Crab banks: a daily withdrawal of five tons to satisfy a nation

Despite the rainy season, accompanied by high winds and giant waves, crab fishing continues to meet consumer demand across Cambodia.

On average, more than five tonnes of blue swimmer crabs (Portunus pelagicus), known locally as Kdam Ses, are caught by fishermen off the coast every day to be sold to wholesalers and retailers across the country.

According to scientific research in the fishing industry, a female crab has more than one million eggs, with a survival rate of adult crabs of about 40%.

However, large catches of the crab lead to dwindling resources of Kdam Ses in Cambodia or may lead to its extinction in years to come if proper protection is not given.

Fortunately, a crab bank project, set up in 2008 by 28 fishing communities in coastal provinces such as Kep, Kampot, Preah Sihanouk and Koh Kong, has ensured a sustainable supply of Kdam Ses from Cambodia. That’s according to fishermen and industry officials.

Did the so-called shoal of crabs really help increase crab resources? What are the responsibilities of inshore fishers to ensure there is a sufficient stock at all times?

Chak Vineath, director of the Kep Provincial Cantonment of the Fisheries Administration (FiA), told the Post that the idea for the crab bank originated in Japan in the mid-1980s.

The creation of the crab bank aims to increase the natural yield of crabs by ensuring the sustainability of crab resources where female crabs are allowed to lay their eggs before being caught.

Vineath said a female crab carries up to 1.2 million eggs, 80% of which are likely to hatch with a survival rate of around 40%, assuming they are well protected.

To preserve marine resources for the sustainability of their livelihoods, every fishing community should deploy as many man-made drains in seagrass conservation areas that act as “hidden habitats” for the breeding of crabs, fish and marine life. other marine species.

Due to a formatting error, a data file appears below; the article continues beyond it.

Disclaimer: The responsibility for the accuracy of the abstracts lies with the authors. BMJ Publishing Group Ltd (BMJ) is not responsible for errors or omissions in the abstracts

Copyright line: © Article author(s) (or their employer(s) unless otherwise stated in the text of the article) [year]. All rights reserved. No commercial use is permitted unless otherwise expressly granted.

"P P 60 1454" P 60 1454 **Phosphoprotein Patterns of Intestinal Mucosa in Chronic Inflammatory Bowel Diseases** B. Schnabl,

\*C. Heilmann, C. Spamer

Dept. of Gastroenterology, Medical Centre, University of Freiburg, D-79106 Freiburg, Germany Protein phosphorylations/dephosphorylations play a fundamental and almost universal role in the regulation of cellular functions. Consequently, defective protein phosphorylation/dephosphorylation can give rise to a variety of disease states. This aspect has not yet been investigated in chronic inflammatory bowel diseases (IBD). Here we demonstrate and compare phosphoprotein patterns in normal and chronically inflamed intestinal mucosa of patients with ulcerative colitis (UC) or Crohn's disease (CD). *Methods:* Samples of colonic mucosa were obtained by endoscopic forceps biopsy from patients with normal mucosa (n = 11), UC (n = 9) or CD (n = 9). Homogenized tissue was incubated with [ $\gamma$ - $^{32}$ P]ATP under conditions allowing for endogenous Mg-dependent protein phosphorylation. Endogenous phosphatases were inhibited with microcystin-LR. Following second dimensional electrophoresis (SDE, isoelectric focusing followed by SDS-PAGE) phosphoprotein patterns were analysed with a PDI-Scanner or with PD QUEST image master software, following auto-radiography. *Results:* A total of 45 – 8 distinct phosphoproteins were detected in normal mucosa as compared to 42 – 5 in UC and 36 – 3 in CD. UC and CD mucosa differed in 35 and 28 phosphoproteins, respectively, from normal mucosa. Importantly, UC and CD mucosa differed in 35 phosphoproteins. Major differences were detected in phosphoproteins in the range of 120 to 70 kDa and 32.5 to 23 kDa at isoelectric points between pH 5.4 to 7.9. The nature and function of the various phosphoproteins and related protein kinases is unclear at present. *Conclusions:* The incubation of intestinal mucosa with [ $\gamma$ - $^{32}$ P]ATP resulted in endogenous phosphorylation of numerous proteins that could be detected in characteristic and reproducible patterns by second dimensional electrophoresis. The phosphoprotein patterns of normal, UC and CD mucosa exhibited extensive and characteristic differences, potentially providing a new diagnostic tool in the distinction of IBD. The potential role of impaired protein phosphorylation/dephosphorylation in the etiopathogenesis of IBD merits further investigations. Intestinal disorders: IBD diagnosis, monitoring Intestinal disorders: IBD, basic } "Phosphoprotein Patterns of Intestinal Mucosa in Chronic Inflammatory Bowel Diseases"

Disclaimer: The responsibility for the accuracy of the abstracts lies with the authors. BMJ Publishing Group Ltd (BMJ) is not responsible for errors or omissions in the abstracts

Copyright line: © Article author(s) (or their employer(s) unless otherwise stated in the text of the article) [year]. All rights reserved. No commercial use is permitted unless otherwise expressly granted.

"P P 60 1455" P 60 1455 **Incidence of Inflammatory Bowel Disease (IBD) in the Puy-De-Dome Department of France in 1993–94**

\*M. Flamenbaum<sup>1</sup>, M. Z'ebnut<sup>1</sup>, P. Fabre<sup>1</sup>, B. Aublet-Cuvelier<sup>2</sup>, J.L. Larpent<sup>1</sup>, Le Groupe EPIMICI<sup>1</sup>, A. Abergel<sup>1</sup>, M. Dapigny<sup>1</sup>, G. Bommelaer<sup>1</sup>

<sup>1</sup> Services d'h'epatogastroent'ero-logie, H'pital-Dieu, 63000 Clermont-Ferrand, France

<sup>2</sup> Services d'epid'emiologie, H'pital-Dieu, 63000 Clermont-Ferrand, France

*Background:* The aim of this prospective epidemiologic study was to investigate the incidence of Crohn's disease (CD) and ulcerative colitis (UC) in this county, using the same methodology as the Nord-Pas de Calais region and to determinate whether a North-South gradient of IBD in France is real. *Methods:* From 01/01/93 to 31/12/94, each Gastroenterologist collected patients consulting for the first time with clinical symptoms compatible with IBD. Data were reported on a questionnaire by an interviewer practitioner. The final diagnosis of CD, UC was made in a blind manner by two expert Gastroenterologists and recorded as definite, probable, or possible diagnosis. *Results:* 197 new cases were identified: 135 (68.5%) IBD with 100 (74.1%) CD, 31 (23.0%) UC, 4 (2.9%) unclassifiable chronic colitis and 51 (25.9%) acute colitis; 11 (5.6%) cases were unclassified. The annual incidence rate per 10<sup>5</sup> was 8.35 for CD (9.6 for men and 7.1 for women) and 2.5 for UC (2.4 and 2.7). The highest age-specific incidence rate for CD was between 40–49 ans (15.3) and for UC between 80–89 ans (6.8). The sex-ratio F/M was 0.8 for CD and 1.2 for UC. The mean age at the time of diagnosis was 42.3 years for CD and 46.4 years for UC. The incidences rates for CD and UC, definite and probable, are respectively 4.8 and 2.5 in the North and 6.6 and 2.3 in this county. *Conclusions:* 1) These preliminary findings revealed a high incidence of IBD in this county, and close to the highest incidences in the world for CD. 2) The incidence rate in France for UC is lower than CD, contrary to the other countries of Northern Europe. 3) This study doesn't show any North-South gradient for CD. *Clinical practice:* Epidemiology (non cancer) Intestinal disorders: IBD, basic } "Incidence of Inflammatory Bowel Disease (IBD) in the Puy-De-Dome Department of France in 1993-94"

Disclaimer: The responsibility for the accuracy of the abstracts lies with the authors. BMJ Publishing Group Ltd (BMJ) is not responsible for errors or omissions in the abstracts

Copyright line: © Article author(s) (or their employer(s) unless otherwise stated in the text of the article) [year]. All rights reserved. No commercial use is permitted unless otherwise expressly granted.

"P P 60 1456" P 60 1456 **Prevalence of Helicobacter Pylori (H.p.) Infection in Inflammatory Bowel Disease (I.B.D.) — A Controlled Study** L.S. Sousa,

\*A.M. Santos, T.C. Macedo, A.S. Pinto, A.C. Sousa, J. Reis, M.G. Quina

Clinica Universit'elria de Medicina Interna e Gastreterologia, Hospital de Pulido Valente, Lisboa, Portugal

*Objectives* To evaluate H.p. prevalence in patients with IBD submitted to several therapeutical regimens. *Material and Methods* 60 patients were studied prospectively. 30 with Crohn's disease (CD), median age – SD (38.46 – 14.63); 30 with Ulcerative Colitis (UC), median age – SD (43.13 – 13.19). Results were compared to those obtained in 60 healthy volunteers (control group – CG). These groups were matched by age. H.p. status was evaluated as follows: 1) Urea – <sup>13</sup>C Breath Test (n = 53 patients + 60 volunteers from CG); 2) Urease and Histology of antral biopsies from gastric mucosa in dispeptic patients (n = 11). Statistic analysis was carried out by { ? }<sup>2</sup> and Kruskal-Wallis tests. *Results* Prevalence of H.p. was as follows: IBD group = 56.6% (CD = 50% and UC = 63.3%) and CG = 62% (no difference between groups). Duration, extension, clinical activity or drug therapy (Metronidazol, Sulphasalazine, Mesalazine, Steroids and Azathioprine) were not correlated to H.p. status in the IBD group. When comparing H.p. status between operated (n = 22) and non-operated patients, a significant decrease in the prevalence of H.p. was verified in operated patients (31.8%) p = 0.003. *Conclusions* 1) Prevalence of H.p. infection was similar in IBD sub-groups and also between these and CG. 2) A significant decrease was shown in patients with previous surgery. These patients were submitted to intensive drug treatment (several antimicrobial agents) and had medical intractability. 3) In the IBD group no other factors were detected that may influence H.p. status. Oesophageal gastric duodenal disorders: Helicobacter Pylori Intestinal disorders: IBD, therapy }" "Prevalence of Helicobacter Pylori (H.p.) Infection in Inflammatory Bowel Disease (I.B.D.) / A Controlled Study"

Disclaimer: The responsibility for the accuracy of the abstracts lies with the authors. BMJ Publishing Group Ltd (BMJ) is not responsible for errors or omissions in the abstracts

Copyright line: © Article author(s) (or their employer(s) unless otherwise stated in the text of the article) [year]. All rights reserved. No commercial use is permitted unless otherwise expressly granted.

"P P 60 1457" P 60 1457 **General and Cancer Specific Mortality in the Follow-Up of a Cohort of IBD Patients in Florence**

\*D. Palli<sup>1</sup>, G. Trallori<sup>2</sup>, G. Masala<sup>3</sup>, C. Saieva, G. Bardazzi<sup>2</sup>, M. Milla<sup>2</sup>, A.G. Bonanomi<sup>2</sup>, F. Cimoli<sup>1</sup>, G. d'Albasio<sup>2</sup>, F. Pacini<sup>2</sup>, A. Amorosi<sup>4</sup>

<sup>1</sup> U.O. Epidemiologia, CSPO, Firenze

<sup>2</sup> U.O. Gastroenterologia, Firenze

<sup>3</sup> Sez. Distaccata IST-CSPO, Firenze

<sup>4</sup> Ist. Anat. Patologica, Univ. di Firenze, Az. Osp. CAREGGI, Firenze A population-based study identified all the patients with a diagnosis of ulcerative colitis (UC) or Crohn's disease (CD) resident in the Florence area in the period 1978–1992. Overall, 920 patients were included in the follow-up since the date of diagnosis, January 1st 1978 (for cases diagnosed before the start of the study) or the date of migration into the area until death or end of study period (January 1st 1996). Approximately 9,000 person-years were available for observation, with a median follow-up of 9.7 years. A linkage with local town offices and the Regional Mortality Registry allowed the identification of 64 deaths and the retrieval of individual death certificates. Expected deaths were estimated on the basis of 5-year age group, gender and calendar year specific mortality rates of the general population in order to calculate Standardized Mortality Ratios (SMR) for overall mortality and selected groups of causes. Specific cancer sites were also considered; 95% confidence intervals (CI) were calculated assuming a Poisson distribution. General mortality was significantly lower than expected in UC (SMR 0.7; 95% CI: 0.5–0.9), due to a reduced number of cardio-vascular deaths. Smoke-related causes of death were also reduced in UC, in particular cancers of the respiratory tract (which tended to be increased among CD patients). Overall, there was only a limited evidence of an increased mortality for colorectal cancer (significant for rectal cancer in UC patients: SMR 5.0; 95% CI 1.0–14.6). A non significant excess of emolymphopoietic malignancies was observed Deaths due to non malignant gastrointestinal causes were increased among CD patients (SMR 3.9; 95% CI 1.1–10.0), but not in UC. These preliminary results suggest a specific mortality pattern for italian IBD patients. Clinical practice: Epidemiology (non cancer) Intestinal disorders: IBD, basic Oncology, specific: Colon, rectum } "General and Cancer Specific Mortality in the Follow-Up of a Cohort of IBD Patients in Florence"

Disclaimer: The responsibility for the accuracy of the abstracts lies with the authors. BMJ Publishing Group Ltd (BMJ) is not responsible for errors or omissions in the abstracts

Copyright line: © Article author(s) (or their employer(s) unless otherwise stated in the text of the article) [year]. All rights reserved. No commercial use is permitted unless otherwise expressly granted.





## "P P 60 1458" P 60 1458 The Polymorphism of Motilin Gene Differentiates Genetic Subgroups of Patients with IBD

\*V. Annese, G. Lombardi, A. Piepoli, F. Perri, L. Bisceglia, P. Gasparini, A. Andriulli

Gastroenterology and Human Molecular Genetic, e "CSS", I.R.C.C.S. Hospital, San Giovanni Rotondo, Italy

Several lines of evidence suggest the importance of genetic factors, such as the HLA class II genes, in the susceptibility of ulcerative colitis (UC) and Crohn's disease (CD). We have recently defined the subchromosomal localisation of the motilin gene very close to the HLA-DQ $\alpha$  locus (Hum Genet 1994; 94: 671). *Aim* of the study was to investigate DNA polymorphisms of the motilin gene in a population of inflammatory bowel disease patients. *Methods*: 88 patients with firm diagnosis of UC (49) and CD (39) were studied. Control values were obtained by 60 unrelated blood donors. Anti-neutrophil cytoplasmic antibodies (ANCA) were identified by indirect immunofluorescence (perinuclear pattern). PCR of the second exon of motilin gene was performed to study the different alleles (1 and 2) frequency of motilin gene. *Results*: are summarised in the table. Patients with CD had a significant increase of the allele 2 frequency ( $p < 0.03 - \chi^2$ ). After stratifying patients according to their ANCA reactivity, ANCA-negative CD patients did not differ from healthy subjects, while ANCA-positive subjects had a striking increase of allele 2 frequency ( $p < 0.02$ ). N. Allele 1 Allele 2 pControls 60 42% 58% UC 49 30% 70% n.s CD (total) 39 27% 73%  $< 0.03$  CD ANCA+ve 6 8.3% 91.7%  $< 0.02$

Assuming there is a donation of 1,000 female crabs with eggs,

If every fishing community received a donation of 1,000 female crabs with eggs each year, it would lay eggs that could help increase the stock.

“When the baby crabs are over a week old they will be released into the protected areas, so we can expect to have at least 30 million crabs a year,” Vineath said.

In Kep, three fishing communities – Phum Thmey fishing community, Angkor fishing community and O’Krasa fishing community – have jointly established crab shoal projects.

Vineath highlighted three types of methods under the project that are used by communities to raise crab stocks. They include donating crabs, buying female crabs with eggs, and setting up credit.

Members of the Community Crab Bank are selected based on their fishing skills, ability to pay credit, and willingness to provide a female crab with her eggs every few days.

Prak San, president of a crab bank in the finishing community of Phum Thmey, told the Post that since 2008, the community has had 28 family members who participated in the project supported by CORIN, FAO and the EU. via the Kep provincial cantonment of the FiA.

Members are required to donate 10-15 female crabs with eggs per month. Hatched eggs are released in community seagrass conservation areas. Since then, crab yields have increased dramatically.

“The number of crabs has increased dramatically because we release millions of baby crabs every year that hatch in seagrass conservation areas.

“Previously, a fishing boat could catch about 10 kg of crab per day using 1,000 bait traps, but now it can bring in nearly 15 kg using the same amount of traps,” Prak said.

Tith Rin, chairman of Trapeang Ropov fishing community in Prek Tnort commune, Bokor town, Kampot province, said fishermen who have joined the project are allowed to borrow between 500,000 riels and one million riels. ($125 and $250).

It has a repayment period of six months to a year without interest, but members are required to donate four to six female crabs with eggs per month, depending on the amount borrowed from the community.

Crab caught in Kampot province in recent years. POST STAFF